Ever since I got serious about my sewing, I realised that making clothes for yourself really requires a dress form, you just can’t fit properly on your own body. This post is the story of how I went about bringing one into my sewing life.
As with almost anything nowadays, it all starts with a lot of research, i.e spending hours and hours on Google. I looked at all possible models, adjustable, professional ones, DIY, you name it. I made my mind and changed my mind and made my mind and changed my mind again, bid on numerous eBay ones that I didn’t win, spoke to Ali Baba sellers (I know, I plead insanity), until I came across this article on Threads. Enter idea on making a dress form myself. The beginning of the end, one might say, but still, here I am, blogging about it, with something to show for, so all is well that end well.
The thought process:
Why did I go for the custom-made option? Mainly, because I’m crazy and stubborn and once I got the idea in my head, it would just not go away, in spite of various misadventures (keep on reading!), not necessarily coming off cheaper and putting in a lot of time and effort. I have seen the current mid-range retail options (of the Adjustoform ilk) or the high-end, proper ones (especially Kennett & Linsell). The first ones seemed flimsy and too samey, that is, for the average Jane (and I had it in my head that my body really is not that average – obviously all in my head). Also, I am sewing mainly for myself, so the advantage of being able to change it for different persons did not really apply. The proper professional ones were way too expensive. Since then, I had the chance of working with a Kennett & Linsell, and I fund that I really didn’t like how stiff and unpinnable it was. Though the collapsible shoulders are awesome.
When it comes to custom-made dummies, there are several DIY options available:
– Duct tape/parcel tape Pros: cheap, not too messy to make, you can easily make another one if you change shape. Cons: can get easily bent out of shape, not too pinnable, pins get gummy and dirty, a bit flimsy and will need some rigging to get on a stand.
– Papier-mâché I had discarded this option as it seemed really messy and I had only seen one brief reference to it.
– Professional body cast I have actually made enquiries to have a professional body cast made that could then be filled with foam. Obviously, it would be less messy (their place, not yours), more professional, but the price was prohibitive, around £400, and that was just for the mould. To this, you would have to add the price of the foam.
– Plaster cast Pros: accurate representation of the body, durable, extremely pinnable, light. Can be done for under £100. Cons: very messy to make, extremely time-consuming.
Have a look at this very comprehensive Pinterest board on DIY (mostly paper and duct tape ones).
Also, worth noting that there is an in-between option, i.e customising an existing retail mannequin, either a dress form or adjustable one, with foam packs such as this (other options available, I think I’ve even seen some on Amazon). The other way would be to create a sloper and fill it with padding until it replicates your body, but somehow that never appealed to me. There are a few tutorials available if you google it.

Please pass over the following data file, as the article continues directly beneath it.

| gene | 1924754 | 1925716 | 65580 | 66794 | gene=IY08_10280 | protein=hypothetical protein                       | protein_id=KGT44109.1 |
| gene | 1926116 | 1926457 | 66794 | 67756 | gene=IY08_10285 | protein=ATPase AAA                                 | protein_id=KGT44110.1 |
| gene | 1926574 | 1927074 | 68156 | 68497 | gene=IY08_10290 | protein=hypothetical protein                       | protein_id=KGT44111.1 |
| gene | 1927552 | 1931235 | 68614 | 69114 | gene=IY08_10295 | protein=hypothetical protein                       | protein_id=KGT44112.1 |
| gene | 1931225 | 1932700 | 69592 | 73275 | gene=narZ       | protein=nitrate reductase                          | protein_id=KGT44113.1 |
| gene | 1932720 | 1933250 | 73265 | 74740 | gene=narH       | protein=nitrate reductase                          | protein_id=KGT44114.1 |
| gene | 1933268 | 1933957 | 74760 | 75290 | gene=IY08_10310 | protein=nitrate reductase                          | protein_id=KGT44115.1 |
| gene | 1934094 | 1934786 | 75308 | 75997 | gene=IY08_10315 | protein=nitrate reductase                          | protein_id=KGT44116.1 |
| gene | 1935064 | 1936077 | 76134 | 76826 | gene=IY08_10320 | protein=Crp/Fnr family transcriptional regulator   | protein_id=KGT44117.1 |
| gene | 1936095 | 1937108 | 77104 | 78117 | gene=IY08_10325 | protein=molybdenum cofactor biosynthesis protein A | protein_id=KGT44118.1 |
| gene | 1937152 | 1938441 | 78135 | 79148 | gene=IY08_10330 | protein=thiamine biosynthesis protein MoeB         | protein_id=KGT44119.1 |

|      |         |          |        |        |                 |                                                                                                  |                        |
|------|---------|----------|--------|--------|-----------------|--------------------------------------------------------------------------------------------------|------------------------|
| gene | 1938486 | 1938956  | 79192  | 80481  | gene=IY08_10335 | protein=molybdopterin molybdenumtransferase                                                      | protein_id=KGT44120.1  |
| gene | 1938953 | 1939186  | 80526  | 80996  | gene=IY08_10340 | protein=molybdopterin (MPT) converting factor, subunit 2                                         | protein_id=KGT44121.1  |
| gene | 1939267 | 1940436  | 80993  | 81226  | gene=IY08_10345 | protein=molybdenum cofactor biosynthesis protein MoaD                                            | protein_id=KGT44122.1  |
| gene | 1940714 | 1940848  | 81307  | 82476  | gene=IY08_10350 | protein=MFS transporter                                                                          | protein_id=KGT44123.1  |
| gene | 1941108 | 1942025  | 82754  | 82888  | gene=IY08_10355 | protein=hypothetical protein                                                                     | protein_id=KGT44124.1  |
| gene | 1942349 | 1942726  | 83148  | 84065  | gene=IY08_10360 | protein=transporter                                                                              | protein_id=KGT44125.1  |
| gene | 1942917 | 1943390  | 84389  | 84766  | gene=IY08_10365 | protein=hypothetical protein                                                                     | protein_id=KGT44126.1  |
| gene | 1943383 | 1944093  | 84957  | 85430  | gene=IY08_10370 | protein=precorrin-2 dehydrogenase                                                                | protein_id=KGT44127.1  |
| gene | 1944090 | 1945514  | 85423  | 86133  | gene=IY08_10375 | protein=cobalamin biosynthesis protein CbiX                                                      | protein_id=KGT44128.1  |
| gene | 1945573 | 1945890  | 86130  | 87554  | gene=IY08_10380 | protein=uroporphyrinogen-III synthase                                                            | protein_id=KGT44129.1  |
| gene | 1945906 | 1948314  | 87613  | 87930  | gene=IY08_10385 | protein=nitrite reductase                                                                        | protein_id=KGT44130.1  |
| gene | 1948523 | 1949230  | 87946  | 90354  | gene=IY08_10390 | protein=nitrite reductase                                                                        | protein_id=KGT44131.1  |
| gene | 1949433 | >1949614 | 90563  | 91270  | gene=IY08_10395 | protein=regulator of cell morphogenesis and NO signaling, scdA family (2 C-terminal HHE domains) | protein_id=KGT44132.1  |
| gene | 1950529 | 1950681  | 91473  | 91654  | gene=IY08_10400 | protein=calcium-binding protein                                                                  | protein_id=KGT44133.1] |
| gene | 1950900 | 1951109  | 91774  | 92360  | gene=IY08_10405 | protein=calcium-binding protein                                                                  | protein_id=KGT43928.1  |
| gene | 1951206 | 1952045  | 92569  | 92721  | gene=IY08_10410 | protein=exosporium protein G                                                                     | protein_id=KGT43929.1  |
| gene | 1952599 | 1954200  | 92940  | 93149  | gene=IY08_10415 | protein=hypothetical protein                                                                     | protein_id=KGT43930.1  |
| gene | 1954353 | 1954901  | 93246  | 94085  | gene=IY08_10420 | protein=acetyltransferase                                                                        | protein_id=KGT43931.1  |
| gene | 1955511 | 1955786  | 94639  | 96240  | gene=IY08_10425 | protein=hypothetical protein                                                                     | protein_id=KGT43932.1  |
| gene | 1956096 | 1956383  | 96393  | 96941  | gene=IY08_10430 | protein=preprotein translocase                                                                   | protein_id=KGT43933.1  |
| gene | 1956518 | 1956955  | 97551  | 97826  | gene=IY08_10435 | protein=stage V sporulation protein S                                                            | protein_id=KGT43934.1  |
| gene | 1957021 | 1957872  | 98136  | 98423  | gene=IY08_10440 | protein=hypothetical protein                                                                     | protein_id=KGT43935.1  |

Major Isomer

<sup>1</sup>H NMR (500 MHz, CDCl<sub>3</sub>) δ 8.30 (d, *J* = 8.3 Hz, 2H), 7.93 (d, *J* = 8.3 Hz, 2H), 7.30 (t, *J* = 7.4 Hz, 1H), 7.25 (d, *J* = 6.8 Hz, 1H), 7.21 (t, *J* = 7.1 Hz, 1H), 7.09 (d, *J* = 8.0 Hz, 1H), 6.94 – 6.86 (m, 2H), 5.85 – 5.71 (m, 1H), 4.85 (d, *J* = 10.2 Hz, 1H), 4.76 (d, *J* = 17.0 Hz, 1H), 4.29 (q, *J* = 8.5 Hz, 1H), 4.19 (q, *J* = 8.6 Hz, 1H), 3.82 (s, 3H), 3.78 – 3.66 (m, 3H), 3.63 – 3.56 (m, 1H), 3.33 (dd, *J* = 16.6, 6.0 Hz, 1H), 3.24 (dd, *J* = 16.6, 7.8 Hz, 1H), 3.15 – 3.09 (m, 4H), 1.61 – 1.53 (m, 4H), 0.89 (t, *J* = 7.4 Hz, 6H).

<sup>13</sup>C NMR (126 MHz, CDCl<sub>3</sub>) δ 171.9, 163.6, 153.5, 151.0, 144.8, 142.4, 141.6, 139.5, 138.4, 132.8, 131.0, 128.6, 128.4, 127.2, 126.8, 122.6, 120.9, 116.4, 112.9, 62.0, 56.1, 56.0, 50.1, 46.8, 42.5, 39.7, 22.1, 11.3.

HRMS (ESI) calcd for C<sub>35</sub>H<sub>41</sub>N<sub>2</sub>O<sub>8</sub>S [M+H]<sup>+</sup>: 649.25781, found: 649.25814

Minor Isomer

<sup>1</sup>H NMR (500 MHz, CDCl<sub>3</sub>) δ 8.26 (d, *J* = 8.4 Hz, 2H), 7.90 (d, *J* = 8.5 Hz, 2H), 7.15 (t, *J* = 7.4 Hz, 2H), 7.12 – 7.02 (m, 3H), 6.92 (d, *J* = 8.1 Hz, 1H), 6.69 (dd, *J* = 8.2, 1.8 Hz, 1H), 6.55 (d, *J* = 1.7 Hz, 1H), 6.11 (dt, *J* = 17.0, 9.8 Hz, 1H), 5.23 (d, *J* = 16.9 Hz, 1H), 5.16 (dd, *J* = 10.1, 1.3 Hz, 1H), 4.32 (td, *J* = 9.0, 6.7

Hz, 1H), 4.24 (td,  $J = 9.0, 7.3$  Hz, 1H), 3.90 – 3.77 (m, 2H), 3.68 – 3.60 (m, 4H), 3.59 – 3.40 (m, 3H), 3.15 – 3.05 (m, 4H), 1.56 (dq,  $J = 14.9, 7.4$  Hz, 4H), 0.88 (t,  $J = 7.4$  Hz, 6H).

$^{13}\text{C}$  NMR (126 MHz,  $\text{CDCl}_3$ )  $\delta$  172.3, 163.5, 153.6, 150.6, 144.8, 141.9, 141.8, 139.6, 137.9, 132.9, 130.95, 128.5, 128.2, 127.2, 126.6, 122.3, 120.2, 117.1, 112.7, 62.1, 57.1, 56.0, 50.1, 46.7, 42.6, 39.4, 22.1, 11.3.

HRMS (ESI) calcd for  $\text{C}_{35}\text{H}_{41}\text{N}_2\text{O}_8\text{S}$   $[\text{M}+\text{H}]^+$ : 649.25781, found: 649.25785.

So bottom line, I decided to go for the plaster cast option, though probably not the easiest, it ticked my boxes: accurate representation of my body and pinnable, plus relatively durable (trust me, you want to be doing loads of these, even the duct tape ones). I have posted more details about how I made it here.
The whistle-stop process:
It all boils down to: make a body cast of your torso, up to mid-thigh, cut it off your body, sew it back together, fill it with expandable polyfoam (like the one used for plumbing, double glazing mounting and loft insulation), stick it on a pole with a base, make a cover and voila, an exact, accurate mini-you!
In my case, this involved my trusted assistant wrapping me up in plaster of Paris strips (similar to the ones used to when you break an arm or a leg), whilst covered in Vaseline (I know you’re thinking dirty thoughts right now!). Unfortunately, the first attempt resulted in me fainting (as in one second you’re standing, the next thing you know, you’re green, lying on the bathroom floor). To this day, I’m not sure what he was more concerned about: me being injured, the project being ruined (which it did in the fall) or having to explain to the paramedics that I got injured while working on crafts projects, not some kinky games (luckily, this was not necessary, as I came to quite quickly). Take 2 was a bit more successful, as I still fainted, but managed to rescue the cast and continue. Unfortunately, I was not very lucky with the foam pouring part, as the form came out with a weird stunted neck, so I decided to have another go (though it took me 2 months to convince C to have another go at it). Finally, take 3 was successful, no fainting, good cast, good form, though it took a really long time to get it finished. I am really happy with the final result, it’s a great little mini-me, though yet unnamed.
If you want to know the ins and outs, watch this space, I’m putting together some more detailed tutorials. Here’s part 1, How to make the mould and Part 2, How to fill the mould with poly foam.
Happy sewing (and dress form choosing or making 🙂 )!
This made me smile, I definitely want to know how you finished your form successfully. I relented and bought one but it’s not me – the boobs are definitely perkier than mine and the shoulders aren’t right.